Milan Baic wants me to know that Cordon Media is not a hardware company. Founding Cordon as a digital agency in 2008, Baic helped the company become known in Canada for its Flash-based interactive experiences, starting first on the web and then expanding to large installation work.
But when the mobile revolution hit, Flash died, and the creative canvas for digital agencies started getting smaller and smaller. Cordon no longer had a platform to deliver its interactive experiences, and wanted to do so on a wide scale. The recent popularity of the Oculus Rift made Cordon look at VR seriously, but the platform wasn’t quite the right fit, with its focus on gaming and specific hardware requirements.
“We got tired of being limited to platforms we thought could be a lot better,” Baic said.
“VR is the perfect product for a spatial experience, but you want to touch and feel. You want to grab.”
So in June of 2014, members of Cordon got together to brainstorm a passion project: help VR go mainstream by expanding on the capabilities of the mobile phones we all carry in our pockets. Six months later, the company has launched an Indiegogo campaign for a $99 mobile case that turns your iPhone 6 and 6 Plus into a VR headset.
Cordon might not be a hardware company, but the company’s history with large-scale installation work has given it a deep respect for strong industrial design. Leveraging 3D printing and proven materials from other industries (swimwear straps and off-the-shelf lenses), Pinć functions similarly to Google’s Cardboard, but folds back into a case only 20mm thick. Although in its early stages (build material for the launch version have yet to be finalized), the design is clearly innovative, and solves the problem of carrying around bulky headsets just in case an urge to enter virtual reality hits. “We thought a lot about building something that was sticky and invisible,” Baic told me.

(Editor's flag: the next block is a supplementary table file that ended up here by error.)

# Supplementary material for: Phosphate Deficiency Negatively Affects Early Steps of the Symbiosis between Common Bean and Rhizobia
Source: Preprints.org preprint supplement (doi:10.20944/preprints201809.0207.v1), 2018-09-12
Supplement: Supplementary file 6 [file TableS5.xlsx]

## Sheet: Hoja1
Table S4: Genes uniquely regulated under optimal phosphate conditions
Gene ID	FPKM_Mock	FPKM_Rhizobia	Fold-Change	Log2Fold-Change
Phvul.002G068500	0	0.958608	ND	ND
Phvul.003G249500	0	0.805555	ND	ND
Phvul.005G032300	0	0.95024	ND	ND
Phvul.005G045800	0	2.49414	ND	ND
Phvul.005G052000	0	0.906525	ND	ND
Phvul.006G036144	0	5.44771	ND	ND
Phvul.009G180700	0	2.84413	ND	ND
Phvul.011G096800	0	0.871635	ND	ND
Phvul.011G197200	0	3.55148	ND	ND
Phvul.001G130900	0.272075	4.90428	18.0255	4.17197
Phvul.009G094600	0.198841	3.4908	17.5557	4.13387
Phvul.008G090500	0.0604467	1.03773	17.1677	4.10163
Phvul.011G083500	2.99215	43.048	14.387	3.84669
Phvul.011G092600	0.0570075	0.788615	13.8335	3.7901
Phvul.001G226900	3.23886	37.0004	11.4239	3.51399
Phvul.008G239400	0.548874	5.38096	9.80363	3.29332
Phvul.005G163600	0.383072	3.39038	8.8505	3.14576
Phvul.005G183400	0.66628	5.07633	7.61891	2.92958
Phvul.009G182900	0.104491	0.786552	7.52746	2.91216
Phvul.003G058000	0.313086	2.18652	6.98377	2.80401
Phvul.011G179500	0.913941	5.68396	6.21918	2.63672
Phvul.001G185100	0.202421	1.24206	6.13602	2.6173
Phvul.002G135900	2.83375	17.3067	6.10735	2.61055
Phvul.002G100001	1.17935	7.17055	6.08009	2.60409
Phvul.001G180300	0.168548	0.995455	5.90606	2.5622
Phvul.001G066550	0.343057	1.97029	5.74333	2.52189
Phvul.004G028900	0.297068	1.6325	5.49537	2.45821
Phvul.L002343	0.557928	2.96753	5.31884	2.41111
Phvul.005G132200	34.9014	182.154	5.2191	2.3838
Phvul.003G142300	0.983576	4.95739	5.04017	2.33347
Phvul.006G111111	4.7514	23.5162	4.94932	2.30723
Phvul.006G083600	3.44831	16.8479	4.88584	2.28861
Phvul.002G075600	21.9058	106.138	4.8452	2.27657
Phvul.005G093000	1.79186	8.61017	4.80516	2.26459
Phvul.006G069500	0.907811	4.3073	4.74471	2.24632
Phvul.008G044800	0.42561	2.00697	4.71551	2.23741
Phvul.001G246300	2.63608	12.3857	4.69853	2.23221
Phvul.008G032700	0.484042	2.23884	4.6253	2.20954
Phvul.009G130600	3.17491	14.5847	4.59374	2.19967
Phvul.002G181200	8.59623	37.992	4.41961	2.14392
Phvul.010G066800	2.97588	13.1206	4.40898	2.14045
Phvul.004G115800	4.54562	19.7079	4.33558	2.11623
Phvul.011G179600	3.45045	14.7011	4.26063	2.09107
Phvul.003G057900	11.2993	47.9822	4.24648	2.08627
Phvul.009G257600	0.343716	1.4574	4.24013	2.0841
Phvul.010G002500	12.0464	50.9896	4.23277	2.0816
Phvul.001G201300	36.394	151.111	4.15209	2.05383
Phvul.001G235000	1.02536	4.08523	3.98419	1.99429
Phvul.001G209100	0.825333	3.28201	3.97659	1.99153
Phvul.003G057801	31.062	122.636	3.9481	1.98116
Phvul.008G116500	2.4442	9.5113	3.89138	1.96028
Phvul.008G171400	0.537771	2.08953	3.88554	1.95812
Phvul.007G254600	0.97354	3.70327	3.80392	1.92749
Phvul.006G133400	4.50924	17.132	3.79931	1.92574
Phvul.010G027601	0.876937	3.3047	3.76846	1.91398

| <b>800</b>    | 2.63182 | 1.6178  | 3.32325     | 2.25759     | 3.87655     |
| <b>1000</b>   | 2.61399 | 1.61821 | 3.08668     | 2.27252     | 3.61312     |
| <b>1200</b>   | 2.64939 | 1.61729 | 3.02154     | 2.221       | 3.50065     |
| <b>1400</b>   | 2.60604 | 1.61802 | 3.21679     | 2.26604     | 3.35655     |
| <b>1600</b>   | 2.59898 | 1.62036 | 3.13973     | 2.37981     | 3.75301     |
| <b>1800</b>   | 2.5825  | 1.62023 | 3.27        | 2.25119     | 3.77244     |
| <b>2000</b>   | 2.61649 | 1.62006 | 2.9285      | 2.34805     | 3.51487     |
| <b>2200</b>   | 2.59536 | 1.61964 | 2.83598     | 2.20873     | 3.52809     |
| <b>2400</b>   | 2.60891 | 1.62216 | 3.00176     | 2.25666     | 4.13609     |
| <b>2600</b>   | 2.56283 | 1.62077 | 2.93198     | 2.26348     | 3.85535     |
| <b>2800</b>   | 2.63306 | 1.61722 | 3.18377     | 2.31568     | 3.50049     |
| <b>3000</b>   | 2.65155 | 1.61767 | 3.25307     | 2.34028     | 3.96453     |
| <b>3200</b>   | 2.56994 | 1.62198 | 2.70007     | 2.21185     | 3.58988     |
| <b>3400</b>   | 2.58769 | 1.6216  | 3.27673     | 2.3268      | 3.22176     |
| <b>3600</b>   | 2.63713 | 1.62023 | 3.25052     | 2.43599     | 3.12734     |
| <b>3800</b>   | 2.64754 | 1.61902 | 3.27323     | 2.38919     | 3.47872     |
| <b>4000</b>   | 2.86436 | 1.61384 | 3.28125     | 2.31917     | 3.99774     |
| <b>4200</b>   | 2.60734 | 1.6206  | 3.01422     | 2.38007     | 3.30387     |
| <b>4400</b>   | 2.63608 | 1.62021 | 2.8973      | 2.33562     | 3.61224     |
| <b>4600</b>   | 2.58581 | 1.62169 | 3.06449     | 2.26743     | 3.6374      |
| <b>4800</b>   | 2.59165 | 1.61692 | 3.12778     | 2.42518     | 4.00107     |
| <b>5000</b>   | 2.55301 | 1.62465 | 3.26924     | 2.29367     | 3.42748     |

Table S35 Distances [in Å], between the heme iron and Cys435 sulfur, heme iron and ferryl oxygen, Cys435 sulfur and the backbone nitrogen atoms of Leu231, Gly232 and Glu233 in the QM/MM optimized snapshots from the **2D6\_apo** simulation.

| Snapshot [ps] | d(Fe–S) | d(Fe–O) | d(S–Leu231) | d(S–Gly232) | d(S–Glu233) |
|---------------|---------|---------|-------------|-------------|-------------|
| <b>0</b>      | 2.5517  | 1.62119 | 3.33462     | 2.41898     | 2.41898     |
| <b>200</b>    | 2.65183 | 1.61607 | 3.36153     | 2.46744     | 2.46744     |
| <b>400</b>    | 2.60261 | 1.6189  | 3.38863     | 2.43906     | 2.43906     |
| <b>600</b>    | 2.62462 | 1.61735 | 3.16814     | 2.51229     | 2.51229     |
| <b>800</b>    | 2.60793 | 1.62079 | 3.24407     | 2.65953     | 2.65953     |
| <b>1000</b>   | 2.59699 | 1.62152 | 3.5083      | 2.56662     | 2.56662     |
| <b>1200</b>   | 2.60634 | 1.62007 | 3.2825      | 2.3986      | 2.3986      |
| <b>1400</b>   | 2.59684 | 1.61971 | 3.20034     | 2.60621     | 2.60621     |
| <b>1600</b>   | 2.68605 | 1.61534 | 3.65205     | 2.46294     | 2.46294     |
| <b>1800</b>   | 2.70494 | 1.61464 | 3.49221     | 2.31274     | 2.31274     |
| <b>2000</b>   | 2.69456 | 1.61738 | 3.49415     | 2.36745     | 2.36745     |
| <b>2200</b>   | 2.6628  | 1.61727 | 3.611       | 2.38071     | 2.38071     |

But Pinć is more than a VR case/headset. Pinć leverages the iPhone 6 and 6 plus cameras to add AR support, and the device also pairs with Cordon’s patent-pending optical control system: two rings which rest on your index fingers to track hand location and gestures in a very Minority Report way. The mechanism stemmed from frustrations with VR headsets like Oculus, which are currently built for traditional control inputs like game controllers.
“VR is the perfect product for a spatial experience, but you want to touch and feel. You want to grab,” Baic said.
But Pinć is similar to Oculus and other VR competitors in that it will require developer support to be anything more than a novel piece of hardware. To that end, Cordon will be releasing an SDK early in 2015 to help developers get building. The SDK itself is in fact a Unity-based extension, which should make Pinć support both easy and appealing to a broad swath of developers.
Cordon is hoping to release production worthy versions of Pinć shortly after in the summer. The company plans to use the $250,000 crowdfunding goal on additional software development and hardware production, but Baic indicated that the real goal of the Indiegogo campaign was to rally community support.
“We wanted to focus on our strengths and minimize the electronics to keep the cost and barrier to entry low,” he said. “Then leave it up to the developer community to do the rest.”